Journalists and the GOP called for more transparency at the Environmental Protection Agency (EPA) this week, as Gina McCarthy, the Obama administration’s pick to succeed Lisa Jackson as head of the agency, entered congressional confirmation hearings.

The day before McCarthy, who now heads the EPA’s air pollution division, faced off with the Senate Committee on Environmental and Public Works, a group of Republicans on the committee and the Society of Environmental Journalists (SEJ) released separate statements, with different motivations, accusing the agency of secrecy and calling for more openness.

In an open letter posted on SEJ’s website and at Environmental Health News, Beth Parke, the group’s executive director, and Joseph Davis, director of its Freedom of Information Watchdog Project, singled out the EPA and said the Obama administration had failed to live up the president’s first-day promise to create an “unprecedented level of openness in government”:

The EPA is one of the most closed, opaque agencies to the press…

Reporters who have covered the EPA for several decades say the agency was far more media-friendly and open prior to 2000. But media policies were substantially eroded during the administration of George W. Bush, and they’ve only gotten worse under President Obama.

Today, the Senate holds its hearing to consider McCarthy’s nomination. A new EPA administrator is a chance for a fresh start, but we are troubled by her past statements defending the agency’s tight grip on communications between journalists and agency scientists and policymakers.

Parke and Davis were referring to comments McCarthy made at a September 2012 event, organized by the Union of Concerned Scientists, that dealt with problems with access to government information. At one point, McCarthy seemed to suggest that message control was more important than allowing EPA employees to speak freely with the press, saying:

It is the job of the agency to make sure that personalities don’t get in the way of really discussing the science in a way that maintains the agency’s credibility. And that’s the balance that we try to bring to it, is to just make sure we are really providing factual information, not a layer of assessment that is based on someone’s personal interest or advocacy.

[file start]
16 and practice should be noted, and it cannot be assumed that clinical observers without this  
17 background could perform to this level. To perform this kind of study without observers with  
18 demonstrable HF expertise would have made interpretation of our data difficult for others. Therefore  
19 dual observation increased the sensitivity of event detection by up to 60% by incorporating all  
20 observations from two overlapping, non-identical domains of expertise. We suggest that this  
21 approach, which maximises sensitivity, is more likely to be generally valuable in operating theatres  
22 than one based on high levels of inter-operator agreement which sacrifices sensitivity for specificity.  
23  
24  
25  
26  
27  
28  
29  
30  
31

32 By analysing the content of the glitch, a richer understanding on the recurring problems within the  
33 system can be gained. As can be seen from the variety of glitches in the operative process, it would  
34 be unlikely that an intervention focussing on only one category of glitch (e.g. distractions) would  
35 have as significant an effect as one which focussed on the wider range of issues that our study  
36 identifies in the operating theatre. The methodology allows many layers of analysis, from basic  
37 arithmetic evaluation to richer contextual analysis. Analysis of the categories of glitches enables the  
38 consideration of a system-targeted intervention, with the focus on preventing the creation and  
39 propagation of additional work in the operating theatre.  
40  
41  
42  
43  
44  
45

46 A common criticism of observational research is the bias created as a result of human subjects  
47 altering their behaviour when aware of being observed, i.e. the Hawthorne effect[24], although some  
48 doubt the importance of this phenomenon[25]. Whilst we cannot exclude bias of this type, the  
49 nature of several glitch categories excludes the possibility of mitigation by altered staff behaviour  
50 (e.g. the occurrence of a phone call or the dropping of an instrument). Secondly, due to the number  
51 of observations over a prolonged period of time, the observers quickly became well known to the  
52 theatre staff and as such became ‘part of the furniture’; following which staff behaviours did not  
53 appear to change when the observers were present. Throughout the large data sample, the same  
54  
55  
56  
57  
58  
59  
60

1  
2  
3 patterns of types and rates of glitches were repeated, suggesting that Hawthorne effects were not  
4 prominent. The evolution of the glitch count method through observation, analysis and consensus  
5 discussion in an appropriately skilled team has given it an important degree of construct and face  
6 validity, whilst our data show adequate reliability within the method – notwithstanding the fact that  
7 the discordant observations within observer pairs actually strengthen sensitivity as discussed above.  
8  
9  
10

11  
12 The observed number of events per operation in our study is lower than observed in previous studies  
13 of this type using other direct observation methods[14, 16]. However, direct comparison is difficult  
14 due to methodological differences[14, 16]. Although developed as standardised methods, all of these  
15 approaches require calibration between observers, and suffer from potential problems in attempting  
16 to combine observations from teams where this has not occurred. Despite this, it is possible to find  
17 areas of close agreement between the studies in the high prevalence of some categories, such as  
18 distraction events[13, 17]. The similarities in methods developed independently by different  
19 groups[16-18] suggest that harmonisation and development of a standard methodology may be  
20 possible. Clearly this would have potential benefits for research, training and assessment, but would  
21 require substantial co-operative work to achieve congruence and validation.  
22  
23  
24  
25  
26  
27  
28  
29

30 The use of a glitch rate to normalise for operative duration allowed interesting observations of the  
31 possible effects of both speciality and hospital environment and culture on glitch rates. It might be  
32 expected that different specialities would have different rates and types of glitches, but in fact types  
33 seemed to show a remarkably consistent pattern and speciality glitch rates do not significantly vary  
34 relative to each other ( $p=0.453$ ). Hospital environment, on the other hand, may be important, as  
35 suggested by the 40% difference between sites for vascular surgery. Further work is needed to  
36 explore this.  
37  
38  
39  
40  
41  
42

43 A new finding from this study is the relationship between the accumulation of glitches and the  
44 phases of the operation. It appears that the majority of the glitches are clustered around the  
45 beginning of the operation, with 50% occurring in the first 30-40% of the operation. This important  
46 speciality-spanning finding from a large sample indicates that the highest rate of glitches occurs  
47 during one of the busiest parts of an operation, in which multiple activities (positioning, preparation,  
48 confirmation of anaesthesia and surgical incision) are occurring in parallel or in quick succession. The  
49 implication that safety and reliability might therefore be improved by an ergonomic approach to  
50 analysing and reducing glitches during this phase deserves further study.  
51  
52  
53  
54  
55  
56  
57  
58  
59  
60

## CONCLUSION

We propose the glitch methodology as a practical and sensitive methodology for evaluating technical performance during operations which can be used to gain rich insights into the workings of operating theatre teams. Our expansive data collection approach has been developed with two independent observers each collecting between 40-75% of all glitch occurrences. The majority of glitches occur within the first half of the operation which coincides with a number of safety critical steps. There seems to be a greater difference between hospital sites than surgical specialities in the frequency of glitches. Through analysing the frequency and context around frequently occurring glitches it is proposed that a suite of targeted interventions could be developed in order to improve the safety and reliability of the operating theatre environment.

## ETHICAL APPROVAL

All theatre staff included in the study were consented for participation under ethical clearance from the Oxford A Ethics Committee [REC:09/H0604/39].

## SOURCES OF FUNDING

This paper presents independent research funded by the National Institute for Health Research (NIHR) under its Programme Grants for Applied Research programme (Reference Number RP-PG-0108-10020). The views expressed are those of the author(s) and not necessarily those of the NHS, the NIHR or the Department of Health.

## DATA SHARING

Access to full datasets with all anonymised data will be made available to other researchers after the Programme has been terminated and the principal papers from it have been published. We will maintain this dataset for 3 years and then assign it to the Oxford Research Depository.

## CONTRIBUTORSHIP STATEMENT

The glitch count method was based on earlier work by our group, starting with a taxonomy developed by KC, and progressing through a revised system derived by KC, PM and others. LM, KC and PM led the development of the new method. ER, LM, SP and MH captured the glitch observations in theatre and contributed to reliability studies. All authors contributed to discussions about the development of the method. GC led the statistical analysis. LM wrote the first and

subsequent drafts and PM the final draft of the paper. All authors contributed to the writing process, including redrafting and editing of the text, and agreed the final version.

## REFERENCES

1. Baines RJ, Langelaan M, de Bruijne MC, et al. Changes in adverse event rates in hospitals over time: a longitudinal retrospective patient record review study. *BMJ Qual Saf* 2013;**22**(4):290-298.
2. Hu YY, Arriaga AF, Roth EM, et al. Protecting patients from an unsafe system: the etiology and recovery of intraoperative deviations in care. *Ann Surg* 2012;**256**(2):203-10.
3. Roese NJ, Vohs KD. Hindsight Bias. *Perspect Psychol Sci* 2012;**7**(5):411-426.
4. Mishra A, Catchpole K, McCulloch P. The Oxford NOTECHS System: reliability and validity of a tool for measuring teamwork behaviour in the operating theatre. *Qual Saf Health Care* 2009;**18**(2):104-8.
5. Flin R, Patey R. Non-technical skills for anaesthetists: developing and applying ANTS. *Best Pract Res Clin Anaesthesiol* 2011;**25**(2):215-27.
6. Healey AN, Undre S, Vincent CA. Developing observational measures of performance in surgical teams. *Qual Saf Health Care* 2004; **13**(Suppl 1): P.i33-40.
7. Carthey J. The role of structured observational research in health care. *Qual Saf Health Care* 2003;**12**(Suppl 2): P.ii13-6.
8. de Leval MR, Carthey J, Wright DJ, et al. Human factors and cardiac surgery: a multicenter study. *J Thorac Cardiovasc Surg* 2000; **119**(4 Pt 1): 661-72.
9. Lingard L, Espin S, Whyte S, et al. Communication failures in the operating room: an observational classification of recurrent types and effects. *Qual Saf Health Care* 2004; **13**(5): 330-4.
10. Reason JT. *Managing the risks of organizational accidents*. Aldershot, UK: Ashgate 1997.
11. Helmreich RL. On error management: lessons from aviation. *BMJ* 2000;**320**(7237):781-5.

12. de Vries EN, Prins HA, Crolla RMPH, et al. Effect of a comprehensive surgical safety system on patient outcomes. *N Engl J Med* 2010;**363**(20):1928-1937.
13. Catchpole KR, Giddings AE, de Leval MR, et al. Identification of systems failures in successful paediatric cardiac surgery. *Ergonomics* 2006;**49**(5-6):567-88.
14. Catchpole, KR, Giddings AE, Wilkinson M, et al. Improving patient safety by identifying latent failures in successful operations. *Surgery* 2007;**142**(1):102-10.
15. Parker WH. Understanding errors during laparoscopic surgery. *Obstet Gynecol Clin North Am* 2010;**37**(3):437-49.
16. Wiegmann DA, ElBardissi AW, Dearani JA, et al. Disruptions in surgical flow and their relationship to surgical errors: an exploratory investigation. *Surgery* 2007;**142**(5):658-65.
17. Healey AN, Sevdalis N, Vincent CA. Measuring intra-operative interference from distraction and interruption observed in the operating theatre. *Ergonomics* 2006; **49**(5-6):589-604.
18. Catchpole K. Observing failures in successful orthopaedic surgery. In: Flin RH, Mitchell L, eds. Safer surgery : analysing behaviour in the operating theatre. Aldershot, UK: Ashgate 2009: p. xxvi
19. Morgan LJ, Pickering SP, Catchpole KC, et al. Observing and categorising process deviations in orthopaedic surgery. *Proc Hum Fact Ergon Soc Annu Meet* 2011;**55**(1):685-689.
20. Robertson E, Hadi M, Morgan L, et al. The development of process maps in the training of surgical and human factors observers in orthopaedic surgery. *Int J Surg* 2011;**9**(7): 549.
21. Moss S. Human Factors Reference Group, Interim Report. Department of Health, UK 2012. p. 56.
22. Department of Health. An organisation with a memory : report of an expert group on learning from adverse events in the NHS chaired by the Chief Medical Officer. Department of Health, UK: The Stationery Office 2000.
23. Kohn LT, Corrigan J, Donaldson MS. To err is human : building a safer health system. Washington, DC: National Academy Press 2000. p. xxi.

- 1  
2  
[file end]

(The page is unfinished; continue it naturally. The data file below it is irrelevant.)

As Parke and Davis explained in their letter:

Reporters are regularly required to submit written questions, even on the simplest daily stories. Interview requests are rarely granted. Delays are routine. Replies, when they do come, are from press officers, not scientists or policymakers. Answers to requests made under the Freedom of Information Act also are routinely delayed.

Ken Ward Jr., a former chair of SEJ’s Freedom of Information Task Force, highlighted Parke and Davis’s letter in a post for his blog at the Charleston Gazette in West Virginia. Ward, who covers the coal industry, knocked the Union of Concerned Scientists for giving the EPA’s media policy an ‘A-’ on a report card it released last month that evaluated federal agencies.

“The practice is much different from the policy,” Ward noted, pointing to the secrecy surrounding a large spill from an ExxonMobil oil pipeline that ruptured in Arkansas last month.

Three days after the incident, White House spokesman Jay Carney told reporters that the EPA was on the scene and running the show, but InsideClimate News reporter Lisa Song found a different situation on the ground.

On April 2, Song reported that as the spill entered its fifth day, it was unclear exactly how many thousands of barrels of crude had escaped. All areas of the cleanup operation were off limits to reporters, and the local command center for organizing the response was locked down as well, with a security guard blocking reporters from entering the parking lot.

When Song asked to speak with a government official, an ExxonMobil spokeswoman came to the gate and confirmed that officials from the EPA and the Pipeline and Hazardous Materials Safety Administration (PHMSA)—the federal pipeline regulator—were present, but Song couldn’t even get their names, let along find them, and she left in frustration.

Curtis Brainard is the editor of The Observatory, CJR's online critique of science and environment reporting. Follow him on Twitter @cbrainard.